Look back: unpaid subscriptions, Santa letters and air-traffic controls
By Matt Hanley firstname.lastname@example.org November 30, 2012 12:26PM
New poster designed by Neal Ormond IV for the 175th anniversary (2012) of Aurora. | Aurora Historical Society
Updated: January 4, 2013 6:01AM
Aurora is celebrating its 175th birthday this year. More information is available at aurorahistory.net. To commemorate the anniversary, The Beacon-News is revisiting stories from 50, 100 and 150 years ago. Here’s what Aurorans were talking about this week ...
In a lengthy note from the editors, the Beacon staff chastised readers who were not up-to-date with their subscription payments. In the 16 years the Beacon had been published, some people still had yet to pay for the paper.
“Every article of material that is used in a printing office has to be paid for when purchased, and he who fails to pay the ‘laborer for hire’ is justly considered an object of reproach,” the editors wrote. “There is not a farmer in the land that can afford to sell this grain, a bushel here and another there, and wait one, two and three years for his pay. ...The Printer is surrounded by the same necessities.”
The Beacon announced that it would now begin asking people to pay for their subscription in advance. The Beacon promised that if people started paying for their paper, more time could be put toward building a better a community paper. True, the Beacon would never compete with the metropolitan dailies, but it was unmatched in local coverage, the editors noted.
“In the transmission of local intelligence and home news, we can make our paper a welcome visitor to every household in the community,” the editors concluded. “In the matter of our county and neighborhood, our county fairs and courts, the correspondence of our boys in the army, and the thousand other items of local intelligence, we can give and have given an adequate return for the small compensation we charge.”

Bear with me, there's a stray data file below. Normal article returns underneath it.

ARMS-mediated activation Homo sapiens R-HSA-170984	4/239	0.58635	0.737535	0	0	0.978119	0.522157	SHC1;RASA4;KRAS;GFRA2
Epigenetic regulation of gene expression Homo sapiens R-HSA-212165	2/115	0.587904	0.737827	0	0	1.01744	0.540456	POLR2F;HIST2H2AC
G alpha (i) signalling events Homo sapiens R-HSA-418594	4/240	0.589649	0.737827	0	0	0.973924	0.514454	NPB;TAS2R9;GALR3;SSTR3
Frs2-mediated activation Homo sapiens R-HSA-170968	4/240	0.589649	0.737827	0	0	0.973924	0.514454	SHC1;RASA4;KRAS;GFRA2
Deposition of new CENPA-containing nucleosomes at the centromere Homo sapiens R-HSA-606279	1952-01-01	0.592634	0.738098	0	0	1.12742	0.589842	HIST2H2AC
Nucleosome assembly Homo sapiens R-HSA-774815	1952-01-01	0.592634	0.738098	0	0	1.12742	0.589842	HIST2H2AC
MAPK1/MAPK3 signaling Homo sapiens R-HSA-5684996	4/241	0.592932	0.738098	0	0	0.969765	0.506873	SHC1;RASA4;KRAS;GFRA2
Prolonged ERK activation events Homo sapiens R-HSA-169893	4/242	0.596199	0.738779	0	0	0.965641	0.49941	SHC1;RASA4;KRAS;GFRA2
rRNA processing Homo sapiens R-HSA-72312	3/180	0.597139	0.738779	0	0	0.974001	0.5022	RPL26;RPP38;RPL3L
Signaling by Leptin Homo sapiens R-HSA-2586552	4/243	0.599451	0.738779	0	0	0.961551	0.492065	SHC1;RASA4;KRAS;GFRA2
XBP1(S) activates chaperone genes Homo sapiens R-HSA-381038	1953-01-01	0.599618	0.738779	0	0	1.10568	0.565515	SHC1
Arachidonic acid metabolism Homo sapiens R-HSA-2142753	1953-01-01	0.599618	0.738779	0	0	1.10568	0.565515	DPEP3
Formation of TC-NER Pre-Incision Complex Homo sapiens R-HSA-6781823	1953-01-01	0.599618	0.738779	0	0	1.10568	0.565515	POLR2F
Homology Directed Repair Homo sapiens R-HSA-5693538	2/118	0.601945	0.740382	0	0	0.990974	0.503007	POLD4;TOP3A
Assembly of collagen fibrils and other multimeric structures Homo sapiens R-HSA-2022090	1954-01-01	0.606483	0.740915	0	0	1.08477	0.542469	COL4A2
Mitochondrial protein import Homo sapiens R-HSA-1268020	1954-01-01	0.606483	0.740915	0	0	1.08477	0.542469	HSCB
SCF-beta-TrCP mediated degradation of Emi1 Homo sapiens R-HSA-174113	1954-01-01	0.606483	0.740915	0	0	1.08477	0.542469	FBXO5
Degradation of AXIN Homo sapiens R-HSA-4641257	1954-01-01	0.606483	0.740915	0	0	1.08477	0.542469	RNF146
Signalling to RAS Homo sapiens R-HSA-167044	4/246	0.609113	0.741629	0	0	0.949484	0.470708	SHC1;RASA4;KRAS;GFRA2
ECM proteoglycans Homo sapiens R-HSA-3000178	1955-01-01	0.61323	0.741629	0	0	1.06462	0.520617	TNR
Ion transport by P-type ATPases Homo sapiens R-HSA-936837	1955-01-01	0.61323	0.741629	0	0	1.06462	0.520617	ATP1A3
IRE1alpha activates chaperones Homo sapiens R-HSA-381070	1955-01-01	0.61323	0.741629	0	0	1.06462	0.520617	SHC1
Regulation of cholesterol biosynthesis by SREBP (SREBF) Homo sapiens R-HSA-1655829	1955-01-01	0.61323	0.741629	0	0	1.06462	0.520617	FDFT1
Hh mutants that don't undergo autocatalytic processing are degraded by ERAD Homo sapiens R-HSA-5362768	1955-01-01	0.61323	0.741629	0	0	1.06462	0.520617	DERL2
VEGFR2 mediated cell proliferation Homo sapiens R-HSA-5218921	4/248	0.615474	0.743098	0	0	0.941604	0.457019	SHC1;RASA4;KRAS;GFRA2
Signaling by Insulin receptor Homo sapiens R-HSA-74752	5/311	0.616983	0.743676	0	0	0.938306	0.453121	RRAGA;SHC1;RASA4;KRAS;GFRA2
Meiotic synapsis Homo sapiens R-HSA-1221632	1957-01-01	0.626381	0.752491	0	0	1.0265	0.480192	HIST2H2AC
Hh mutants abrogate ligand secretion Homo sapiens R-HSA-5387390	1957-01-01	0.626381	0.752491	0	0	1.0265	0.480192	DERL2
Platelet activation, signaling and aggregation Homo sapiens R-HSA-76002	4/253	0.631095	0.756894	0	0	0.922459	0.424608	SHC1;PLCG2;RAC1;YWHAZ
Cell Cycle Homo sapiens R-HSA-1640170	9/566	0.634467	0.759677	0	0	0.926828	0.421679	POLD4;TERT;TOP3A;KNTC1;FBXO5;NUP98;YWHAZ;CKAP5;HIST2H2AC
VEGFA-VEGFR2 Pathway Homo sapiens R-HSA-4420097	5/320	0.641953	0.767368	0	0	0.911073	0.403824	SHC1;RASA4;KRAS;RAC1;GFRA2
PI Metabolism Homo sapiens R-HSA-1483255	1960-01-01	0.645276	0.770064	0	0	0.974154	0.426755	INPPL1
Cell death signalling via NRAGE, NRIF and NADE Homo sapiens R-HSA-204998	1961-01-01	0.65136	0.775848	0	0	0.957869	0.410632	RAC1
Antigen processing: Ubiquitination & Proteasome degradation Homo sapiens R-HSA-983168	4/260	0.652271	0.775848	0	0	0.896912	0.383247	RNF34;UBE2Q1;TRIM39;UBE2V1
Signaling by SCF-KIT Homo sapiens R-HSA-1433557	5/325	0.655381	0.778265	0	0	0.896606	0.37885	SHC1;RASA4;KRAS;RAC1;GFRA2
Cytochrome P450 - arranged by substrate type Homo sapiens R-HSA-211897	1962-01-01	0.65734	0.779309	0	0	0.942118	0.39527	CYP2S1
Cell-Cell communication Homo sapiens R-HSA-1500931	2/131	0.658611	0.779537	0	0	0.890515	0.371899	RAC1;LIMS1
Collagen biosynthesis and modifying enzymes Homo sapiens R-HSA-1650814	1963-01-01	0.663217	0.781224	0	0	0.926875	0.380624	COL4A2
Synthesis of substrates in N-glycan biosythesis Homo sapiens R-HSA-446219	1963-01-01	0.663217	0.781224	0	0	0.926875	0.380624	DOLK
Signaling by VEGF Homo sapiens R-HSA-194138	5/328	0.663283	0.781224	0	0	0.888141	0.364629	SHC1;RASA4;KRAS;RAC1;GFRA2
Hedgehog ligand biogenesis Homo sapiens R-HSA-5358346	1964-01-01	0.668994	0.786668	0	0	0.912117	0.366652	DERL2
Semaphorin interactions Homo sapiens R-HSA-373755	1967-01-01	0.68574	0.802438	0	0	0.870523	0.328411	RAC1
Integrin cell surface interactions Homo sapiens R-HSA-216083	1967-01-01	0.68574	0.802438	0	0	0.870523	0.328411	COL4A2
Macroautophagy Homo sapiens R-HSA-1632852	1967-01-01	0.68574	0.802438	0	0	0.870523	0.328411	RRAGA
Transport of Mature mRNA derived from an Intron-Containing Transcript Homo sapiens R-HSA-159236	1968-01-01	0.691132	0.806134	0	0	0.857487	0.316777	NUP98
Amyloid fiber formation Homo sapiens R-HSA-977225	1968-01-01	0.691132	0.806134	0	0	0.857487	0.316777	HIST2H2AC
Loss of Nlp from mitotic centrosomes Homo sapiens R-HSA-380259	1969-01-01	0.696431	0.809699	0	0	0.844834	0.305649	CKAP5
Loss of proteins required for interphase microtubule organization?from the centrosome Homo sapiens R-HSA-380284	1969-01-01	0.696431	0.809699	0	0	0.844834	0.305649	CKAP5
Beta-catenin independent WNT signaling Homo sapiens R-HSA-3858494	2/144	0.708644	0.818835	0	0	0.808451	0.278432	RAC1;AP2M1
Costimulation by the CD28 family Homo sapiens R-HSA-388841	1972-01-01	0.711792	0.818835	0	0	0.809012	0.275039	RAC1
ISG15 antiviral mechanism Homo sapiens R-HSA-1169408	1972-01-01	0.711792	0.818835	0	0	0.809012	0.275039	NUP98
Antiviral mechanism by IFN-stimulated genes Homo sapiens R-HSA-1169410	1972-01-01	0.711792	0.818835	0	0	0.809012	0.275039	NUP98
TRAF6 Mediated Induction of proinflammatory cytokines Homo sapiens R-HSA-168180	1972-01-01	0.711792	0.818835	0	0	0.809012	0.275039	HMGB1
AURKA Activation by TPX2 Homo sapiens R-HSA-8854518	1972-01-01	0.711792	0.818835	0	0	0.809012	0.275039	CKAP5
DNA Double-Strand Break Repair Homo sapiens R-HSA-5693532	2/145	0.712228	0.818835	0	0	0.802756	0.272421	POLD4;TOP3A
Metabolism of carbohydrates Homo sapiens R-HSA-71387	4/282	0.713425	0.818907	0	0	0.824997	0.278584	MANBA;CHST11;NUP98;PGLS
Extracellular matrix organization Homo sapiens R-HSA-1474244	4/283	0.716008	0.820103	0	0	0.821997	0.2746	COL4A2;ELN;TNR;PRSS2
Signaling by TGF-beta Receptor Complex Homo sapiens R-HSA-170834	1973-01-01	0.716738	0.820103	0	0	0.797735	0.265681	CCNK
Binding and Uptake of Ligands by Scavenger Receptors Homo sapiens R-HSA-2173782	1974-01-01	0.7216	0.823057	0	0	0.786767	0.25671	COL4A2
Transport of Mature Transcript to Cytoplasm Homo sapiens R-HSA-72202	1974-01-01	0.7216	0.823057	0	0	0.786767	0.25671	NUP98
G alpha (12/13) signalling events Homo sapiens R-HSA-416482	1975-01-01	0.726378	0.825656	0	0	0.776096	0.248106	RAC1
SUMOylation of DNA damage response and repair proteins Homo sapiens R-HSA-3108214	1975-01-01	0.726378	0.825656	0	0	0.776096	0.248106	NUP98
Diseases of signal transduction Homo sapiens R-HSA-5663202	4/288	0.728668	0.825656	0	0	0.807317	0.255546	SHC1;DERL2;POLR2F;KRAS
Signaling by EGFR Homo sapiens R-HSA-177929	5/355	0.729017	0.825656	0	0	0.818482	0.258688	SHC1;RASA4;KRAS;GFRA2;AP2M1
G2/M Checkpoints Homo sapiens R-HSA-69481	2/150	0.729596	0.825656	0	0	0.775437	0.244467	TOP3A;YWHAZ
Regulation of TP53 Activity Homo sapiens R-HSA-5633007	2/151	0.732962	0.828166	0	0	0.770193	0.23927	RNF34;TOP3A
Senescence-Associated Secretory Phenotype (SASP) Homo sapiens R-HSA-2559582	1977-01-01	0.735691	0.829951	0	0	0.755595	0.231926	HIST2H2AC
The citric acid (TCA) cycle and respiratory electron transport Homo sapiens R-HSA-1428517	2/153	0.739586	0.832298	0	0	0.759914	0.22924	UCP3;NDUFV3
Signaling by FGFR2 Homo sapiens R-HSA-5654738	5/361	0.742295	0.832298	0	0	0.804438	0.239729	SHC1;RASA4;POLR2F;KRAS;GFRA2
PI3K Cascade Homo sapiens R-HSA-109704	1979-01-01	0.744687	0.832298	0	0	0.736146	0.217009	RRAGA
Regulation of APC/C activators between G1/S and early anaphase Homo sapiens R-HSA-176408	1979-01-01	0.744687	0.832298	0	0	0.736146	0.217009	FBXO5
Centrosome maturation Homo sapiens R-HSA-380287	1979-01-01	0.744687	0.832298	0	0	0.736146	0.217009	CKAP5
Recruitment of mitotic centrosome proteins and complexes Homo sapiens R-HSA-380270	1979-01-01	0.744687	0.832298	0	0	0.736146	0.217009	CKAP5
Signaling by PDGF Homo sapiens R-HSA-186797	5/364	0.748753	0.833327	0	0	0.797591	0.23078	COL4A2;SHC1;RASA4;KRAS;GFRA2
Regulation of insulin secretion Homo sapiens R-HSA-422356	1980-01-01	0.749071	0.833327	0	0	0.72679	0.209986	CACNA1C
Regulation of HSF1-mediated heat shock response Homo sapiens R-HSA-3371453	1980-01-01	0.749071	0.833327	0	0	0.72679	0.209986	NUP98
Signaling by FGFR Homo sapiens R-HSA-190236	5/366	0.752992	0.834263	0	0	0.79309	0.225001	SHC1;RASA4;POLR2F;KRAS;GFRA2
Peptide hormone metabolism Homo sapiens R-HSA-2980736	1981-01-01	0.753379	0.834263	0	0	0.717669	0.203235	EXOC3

… in 1912.
Letters addressed to “Santa Claus” were beginning to arrive at the Aurora post office. In the past, people in town had helped Santa answer these letters and distribute gifts to the children who wrote them. However, under new guidelines put in place by the Postmaster General, all such mail to be sent to the dead letter office and ignored.
… in 1962.
After three years of preparations, control over 70,000 square miles of airplane traffic was switched from Midway Airport to the new airport facility on the outskirts of Aurora.
The new concrete-block Aurora facility cost $1.6 million to build, plus $4 million for the electronic equipment inside. Midway had once had 300 controllers working out of its control center, but lost most of the air traffic to O’Hare, which had longer runways. Aurora’s new facility was considerably larger than Midway’s.